Coregonus

Coregonus
Lake whitefish1.jpg
Lake whitefish, Coregonus clupeaformis
Scientific classification e
Kingdom:Animalia
Phylum:Chordata
Class:Actinopterygii
Order:Salmoniformes
Family:Salmonidae
Subfamily:Coregoninae
Genus:Coregonus
Linnaeus, 1758
Type species
Coregonus lavaretus
Linnaeus, 1758
Species

Nearly 70 extant members

Coregonus is a diverse genus of fish in the salmon family (Salmonidae). The Coregonus species are known as whitefishes. The genus contains at least 68 described extant taxa, but the true number of species is a matter of debate. The type species of the genus is Coregonus lavaretus.

Most Coregonus species inhabit lakes and rivers, and several species, including the Arctic cisco (C. autumnalis), the Bering cisco (C. laurettae), and the least cisco (C. sardinella) are anadromous, moving between salt water and fresh water.

The genus was previously subdivided into two subgenera Coregonus ("true whitefishes") and Leucichthys ("ciscoes"), Coregonus comprising taxa with sub-terminal mouth and usually a benthic feeding habit, Leucichthys those with terminal or supra-terminal mouth and usually a pelagic plankton-feeding habit. This classification is not natural however: based on molecular data, ciscoes comprise two distinct lineages within the genus. Moreover, the genus Stenodus is not phylogenetically distinct from Coregonus.[1]

Many whitefish species or ecotypes, especially from the Great Lakes and the Alpine lakes of Europe, have gone extinct over the past century or are endangered. Among 12 freshwater fish considered extinct in Europe, 6 are Coregonus.[2] All Coregonus species are protected under appendix III of the Bern Convention.

Species diversity

There is much uncertainty and confusion in the classification of the many of species of this genus. Particularly, one extreme view of diversity recognises just two main species in Northern and Central Europe, the common whitefish C. lavaretus and the vendace C. albula, whereas others would divide these into numerous, often narrowly distributed species. A drastic increase in number of recognized species occurred in 2007, when a review advocated that more than 50 local European populations should be considered as distinct based on morphological differences.[3] It has been estimated that several of them are very young, having separated from each other less than 15,000 years ago.[4] Many of these were primarily defined based on number of gill rakers. Although this largely is hereditary, the number is highly variable (even within single populations and species), can change relatively fast in response to changes and genetic studies have shown that they often are of limited use in predicting relationships among populations (a large difference in gill raker number does not necessarily equal a distant relationship).[5][6][7] Genetic differences between several of the recently proposed species, even ones that are relatively distinct morphologically, are very limited and sometimes they are not monophyletic.[5][6] Various Coregonus, whether regarded as separate species or not, readily interbreed with each other.[8] A review of whitefish in the United Kingdom found that the identification key provided in 2007 did not match most individuals and that solid evidence for more than one species in that region is lacking.[9] Many European lakes have more than one Coregonus morph differing in ecology and morphology (especially gill rakers).[10] Such morphs are sometimes partially reproductively isolated from each other, leading to suggestions of recognizing them as separate but clinal species.[4] The morphs or clinal species may rapidly (in 15 years or less, equalling three Coregonus generations) disappear by merging into a single in response to changes in the habitat.[10] A similar pattern can be seen in North America where the ciscoes of the Coregonus artedi complex in the Great Lakes and elsewhere comprise several, often co-occurring morphs or ecotypes, whose taxonomic status remains controversial.[11][12][13][14]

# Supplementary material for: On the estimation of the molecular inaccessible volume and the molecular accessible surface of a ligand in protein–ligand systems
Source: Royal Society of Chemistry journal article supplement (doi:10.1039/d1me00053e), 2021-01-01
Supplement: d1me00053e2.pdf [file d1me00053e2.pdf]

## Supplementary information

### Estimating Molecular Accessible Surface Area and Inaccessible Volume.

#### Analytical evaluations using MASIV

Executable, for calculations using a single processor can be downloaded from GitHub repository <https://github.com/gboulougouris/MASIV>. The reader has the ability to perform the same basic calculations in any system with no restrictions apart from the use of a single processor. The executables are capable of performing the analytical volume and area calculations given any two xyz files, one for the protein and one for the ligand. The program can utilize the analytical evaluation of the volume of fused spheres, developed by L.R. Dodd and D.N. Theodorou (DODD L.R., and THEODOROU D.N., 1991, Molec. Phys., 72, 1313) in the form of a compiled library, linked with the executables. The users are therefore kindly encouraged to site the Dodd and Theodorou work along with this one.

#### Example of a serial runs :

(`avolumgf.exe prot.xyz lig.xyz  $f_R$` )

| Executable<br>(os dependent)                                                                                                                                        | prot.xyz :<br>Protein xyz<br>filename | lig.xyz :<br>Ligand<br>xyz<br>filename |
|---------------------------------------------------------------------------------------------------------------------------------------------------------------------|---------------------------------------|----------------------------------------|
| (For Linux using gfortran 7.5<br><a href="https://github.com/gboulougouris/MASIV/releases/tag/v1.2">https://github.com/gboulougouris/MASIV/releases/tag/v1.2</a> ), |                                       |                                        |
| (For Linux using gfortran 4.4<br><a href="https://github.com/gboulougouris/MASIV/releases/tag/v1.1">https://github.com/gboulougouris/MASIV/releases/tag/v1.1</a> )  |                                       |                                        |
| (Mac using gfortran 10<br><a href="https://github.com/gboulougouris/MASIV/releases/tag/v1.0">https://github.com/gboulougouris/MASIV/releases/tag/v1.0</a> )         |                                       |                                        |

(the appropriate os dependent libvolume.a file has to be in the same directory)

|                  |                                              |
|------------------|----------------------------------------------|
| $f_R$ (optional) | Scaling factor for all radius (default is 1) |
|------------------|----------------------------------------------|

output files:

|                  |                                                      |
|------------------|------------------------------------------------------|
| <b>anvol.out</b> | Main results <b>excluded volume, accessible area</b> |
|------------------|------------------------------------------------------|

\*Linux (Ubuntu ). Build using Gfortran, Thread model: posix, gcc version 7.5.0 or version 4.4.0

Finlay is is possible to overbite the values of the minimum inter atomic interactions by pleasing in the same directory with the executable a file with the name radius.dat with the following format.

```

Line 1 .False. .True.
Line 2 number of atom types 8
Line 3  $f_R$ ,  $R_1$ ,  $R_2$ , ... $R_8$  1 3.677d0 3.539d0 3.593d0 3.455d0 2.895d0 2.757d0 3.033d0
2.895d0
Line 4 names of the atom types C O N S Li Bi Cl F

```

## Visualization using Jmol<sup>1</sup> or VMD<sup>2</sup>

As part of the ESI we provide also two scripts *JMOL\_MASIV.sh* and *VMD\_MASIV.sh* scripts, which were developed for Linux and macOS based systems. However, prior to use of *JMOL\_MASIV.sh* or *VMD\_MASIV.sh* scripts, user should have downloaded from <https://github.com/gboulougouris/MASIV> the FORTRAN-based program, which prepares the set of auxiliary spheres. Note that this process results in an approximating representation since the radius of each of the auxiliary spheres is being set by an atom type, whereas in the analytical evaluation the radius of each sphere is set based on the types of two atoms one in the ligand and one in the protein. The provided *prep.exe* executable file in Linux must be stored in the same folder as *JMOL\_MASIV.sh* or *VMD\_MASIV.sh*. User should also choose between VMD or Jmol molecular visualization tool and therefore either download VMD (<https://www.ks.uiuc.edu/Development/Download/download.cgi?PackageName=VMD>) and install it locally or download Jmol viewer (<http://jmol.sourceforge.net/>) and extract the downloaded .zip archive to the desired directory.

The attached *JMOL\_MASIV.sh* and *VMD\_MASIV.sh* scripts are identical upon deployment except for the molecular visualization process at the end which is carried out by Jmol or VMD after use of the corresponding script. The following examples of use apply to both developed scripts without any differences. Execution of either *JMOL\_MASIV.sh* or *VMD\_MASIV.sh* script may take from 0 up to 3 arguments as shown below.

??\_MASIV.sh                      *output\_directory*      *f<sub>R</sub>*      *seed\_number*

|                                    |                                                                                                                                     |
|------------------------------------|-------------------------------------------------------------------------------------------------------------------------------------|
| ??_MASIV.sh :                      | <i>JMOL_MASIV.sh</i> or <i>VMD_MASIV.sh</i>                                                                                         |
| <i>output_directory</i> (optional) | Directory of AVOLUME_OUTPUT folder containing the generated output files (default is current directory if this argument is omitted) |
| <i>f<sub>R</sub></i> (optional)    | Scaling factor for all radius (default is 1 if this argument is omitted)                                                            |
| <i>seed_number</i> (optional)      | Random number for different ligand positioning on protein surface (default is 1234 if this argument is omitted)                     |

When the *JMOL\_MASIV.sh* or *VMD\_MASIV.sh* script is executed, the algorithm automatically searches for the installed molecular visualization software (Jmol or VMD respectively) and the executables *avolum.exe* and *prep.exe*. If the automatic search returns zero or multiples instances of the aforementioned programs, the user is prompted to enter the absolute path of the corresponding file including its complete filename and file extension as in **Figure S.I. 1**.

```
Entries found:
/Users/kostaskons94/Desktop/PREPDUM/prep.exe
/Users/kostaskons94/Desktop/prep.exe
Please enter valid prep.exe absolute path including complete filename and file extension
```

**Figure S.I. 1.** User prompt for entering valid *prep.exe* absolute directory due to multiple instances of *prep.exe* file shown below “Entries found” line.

In 2017, FishBase listed 78 species, including the more than 50 proposed for Europe in 2007.[15] Some of these are recently extinct (marked with a dagger, "†") and C. reighardi is likely extinct.[3][13]

Cisco or lake herring, Coregonus artedi
Common whitefish, Coregonus lavaretus (sensu lato)
Other Languages
Alemannisch: Felchen
العربية: كورجون
azərbaycanca: Siqi
башҡортса: Алабалыҡ
català: Coregonus
Cebuano: Coregonus
čeština: Síh
Deutsch: Coregonus
español: Coregonus
Esperanto: Koregono
euskara: Coregonus
فارسی: سفیدماهی
français: Coregonus
galego: Coregonus
Հայերեն: Սիգ
italiano: Coregonus
ქართული: სიგი
қазақша: Ақ сақа
lietuvių: Sykai
Nederlands: Coregonus
polski: Coregonus
română: Coregonus
русский: Сиги
саха тыла: Майаҕастар
suomi: Coregonus
svenska: Sikar (fisk)
Türkçe: Coregonus
українська: Сиг
Tiếng Việt: Chi Cá hồi trắng
Winaray: Coregonus